What happens if a party breaches their duty of timely full and frank disclosure in negotiating Binding Financial Agreements / Family Law Court Proceedings?

The parties to any Binding Financial Agreement or Family Law Court Proceedings must make full and frank disclosure of their financial circumstances.

Binding Financial Agreements

Consequences of Non-Disclosure

If a party can show that the other party to the Binding Financial Agreement has not provided full and frank disclosure of their true financial position, the Binding Financial Agreement may not be enforceable.

At the very minimum the Binding Financial Agreement would be subject to a valid legal challenge in Court where the non-disclosing party would bear the onus of proof of showing the the non-disclosure was not material.

This is especially the case where the Binding Financial Agreement (in light of the true financial position of the parties) is not "fair + equitable".

Family Law Court Proceedings

Consequences of Non-Disclosure

If the non-disclosure is clear to the Court, or disclosure is made in a confusing manner with little or no effort made to respond to requests for clarification: the most likely result will be the Court making Property Orders unfavourable to the non-disclosing / non-cooperating par­ty.

If the non-disclosure is discovered after Court pro­ceed­ings have completed there may be valid grounds for the Court to set aside the original Prop­er­ty Orders and make new orders to replace them based on the true finan­cial position.

The Court may use its discretion to order that all or part of the legal costs incurred by the innocent party in both the original and subsequent Court proceedings are payable by the non-disclosing party, and in some cases the Court may order the non-disclosing party in contempt of Court.

Delay caused by Late Disclosure

In the marriage of Briese, Smithers J. at para. [2] described the ongoing duty of full and frank disclosure^ [emphasis added] in Family Law Court Proceedings as:

"… A positive obligation to set out at an early stage their financial position in a clear and comprehensive manner. The Regulations, and now the Rules, are not intended as a vehicle to mask the true position, or as an aid to confusion, complexity or uncertainty. They are not intended as the outer limits of the obligation of financial disclosure, but as providing avenues towards disclosure.
The need for each party to understand the financial position of the other party is at the very heart of cases concerning property and maintenance.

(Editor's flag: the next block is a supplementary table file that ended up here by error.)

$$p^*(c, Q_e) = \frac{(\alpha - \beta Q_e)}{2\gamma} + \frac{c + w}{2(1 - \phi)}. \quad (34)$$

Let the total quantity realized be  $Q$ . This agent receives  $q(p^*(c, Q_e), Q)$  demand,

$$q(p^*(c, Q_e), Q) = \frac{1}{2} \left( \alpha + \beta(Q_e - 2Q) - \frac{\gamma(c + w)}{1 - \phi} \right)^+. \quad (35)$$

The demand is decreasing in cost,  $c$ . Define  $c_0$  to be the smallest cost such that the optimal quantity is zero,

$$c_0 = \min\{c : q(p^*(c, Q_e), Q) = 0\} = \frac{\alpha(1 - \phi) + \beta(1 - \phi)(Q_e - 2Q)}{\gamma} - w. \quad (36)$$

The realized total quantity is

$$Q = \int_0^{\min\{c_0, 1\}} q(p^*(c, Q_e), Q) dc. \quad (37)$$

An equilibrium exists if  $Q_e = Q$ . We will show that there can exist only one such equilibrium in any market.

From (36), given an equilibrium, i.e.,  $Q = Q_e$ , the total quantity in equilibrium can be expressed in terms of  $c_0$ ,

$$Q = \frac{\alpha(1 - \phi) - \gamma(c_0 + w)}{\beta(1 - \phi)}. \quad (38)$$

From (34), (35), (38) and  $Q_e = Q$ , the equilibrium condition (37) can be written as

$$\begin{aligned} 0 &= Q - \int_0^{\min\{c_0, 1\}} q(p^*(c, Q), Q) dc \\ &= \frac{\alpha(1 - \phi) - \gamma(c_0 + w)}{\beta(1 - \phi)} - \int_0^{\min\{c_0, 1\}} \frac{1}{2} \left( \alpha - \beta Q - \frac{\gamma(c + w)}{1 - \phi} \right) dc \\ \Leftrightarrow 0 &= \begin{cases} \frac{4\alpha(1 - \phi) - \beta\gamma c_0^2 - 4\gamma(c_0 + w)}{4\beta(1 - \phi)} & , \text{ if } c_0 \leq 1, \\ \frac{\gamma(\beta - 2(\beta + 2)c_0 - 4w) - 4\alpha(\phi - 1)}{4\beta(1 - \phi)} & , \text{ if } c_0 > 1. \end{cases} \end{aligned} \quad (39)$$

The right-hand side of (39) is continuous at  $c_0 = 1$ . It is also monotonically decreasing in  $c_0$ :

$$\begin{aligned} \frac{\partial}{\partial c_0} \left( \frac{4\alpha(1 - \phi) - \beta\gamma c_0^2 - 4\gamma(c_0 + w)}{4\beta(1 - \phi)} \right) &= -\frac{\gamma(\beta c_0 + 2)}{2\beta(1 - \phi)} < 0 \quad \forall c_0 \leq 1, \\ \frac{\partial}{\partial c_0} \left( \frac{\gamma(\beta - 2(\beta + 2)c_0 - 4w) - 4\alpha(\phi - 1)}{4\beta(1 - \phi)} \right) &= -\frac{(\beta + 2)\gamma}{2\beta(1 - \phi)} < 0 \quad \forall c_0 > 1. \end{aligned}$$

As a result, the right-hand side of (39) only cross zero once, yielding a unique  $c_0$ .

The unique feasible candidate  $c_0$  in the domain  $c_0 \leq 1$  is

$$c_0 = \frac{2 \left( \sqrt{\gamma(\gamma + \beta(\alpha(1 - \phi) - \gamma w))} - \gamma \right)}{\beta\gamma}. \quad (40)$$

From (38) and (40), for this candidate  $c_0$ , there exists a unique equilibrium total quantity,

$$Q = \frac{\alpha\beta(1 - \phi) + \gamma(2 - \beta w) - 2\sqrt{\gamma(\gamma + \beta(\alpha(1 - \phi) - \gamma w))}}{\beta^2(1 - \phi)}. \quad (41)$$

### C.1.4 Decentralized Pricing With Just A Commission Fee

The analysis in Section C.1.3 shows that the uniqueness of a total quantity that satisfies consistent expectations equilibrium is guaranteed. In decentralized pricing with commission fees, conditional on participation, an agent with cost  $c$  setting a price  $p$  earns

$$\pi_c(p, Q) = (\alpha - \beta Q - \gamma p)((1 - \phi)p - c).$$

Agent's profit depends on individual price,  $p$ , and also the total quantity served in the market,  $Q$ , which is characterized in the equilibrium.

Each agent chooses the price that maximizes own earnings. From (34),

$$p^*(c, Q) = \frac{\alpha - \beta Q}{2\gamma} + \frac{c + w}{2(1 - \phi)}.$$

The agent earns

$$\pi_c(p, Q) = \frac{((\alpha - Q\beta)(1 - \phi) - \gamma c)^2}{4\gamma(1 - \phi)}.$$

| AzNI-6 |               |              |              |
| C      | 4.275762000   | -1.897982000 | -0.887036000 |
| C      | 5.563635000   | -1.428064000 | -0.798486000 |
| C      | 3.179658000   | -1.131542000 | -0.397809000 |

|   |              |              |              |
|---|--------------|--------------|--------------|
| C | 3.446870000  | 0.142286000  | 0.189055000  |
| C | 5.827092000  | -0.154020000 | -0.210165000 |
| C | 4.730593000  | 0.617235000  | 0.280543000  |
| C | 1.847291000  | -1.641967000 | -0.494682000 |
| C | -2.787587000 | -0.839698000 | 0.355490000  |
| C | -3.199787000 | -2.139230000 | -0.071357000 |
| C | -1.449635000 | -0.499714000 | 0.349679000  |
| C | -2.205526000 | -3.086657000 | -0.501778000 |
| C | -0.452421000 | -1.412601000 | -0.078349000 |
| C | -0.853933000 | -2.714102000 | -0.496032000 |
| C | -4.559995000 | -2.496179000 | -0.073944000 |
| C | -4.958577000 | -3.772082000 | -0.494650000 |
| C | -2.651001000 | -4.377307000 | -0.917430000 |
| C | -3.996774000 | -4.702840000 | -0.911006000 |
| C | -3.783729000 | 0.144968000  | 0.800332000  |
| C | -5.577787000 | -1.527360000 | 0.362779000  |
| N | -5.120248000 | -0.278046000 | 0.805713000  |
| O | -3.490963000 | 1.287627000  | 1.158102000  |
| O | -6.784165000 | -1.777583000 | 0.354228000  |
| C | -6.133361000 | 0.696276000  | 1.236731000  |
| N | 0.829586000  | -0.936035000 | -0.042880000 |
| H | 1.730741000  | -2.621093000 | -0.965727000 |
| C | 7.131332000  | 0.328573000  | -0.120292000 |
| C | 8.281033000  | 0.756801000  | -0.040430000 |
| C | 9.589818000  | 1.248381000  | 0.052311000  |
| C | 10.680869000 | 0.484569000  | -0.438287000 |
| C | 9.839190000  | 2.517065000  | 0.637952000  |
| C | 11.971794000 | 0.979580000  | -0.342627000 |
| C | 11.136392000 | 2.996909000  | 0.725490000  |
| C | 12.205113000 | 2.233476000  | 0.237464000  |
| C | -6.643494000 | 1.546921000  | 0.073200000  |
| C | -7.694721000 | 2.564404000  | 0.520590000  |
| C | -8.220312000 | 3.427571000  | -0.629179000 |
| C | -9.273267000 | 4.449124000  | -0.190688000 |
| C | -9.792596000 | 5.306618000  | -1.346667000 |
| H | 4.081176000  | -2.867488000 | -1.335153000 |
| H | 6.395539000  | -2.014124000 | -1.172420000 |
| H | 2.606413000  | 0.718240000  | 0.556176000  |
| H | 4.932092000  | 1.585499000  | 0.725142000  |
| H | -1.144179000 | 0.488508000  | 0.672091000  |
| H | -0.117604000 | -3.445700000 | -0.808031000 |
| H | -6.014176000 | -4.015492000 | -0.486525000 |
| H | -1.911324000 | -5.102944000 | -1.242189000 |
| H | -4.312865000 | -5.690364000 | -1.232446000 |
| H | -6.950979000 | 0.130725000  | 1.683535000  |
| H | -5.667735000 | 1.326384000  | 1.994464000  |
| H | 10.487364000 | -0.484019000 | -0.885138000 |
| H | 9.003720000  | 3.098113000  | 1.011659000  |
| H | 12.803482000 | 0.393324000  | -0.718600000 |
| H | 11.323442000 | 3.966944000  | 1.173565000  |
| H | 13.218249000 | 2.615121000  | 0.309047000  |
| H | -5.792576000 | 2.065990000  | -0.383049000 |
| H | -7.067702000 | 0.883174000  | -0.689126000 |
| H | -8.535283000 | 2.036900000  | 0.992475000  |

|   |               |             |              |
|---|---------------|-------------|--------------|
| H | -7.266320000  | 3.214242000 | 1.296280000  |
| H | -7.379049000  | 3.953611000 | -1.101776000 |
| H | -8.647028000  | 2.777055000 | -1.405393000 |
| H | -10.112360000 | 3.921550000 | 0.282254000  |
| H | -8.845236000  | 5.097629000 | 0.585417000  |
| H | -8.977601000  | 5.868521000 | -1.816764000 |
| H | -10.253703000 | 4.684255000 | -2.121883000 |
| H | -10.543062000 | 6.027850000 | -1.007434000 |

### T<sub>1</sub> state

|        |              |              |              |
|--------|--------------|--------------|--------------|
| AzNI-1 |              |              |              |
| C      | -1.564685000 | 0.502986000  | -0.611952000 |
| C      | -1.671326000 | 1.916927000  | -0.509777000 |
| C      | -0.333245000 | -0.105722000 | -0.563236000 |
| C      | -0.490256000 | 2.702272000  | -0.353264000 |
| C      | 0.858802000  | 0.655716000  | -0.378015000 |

Unless each party adopts a positive approach in this regard delays will ensue with the consequent escalation of legal, accounting and other expenses, always assuming that a party has the strength to continue the struggle for information and understanding."

Consequences of Late Disclosure / Evasive Conduct

In the marriage of Briese, Smithers J. at para. [6] provided an example of the cost consequences in Family Law Court Proceedings where a party eventually provides full and frank disclosure, but only after unduly prolonging the proceedings + being evasive as to their financial circumstances [emphasis added]:

In the unreported decision of Nygh J. in Marinko (29 October 1982) the learned Judge made an order for costs against the husband, in part because of his conduct of the proceedings.
He found that the husband had unduly prolonged the proceedings and further that he had been evasive as to his financial circumstances.
At p. 3 of his reasons for decision his Honour said:
"It is quite clear that under reg. 97, there is an obligation on the parties to make a full and fair disclosure of all their financial assets; it is also expected of the parties that they shall co-operate with the conduct of the proceedings in order to bring them to an early and prompt conclusion with a minimum of expense.
This obligation is incumbent upon the Court under sec. 97(3) of the Act, and by inference, it lies upon the parties and their legal advisers to co-operate in that goal.
It is, therefore, not an answer to say that the wife did not succeed fully, or that the evidence which she finally obtained out of the husband was not all helpful, or essential to her case.''

Credits:

This FAQ was written by James D. Ford GAICD | Principal Solicitor, Blue Ocean Law Group℠.

Important Notice:

This FAQ is intended for general interest + information only.

It is not legal advice, nor should it be relied upon or used as such.

We recommend you always consult a lawyer for legal advice specifically tailored to your needs & circumstances.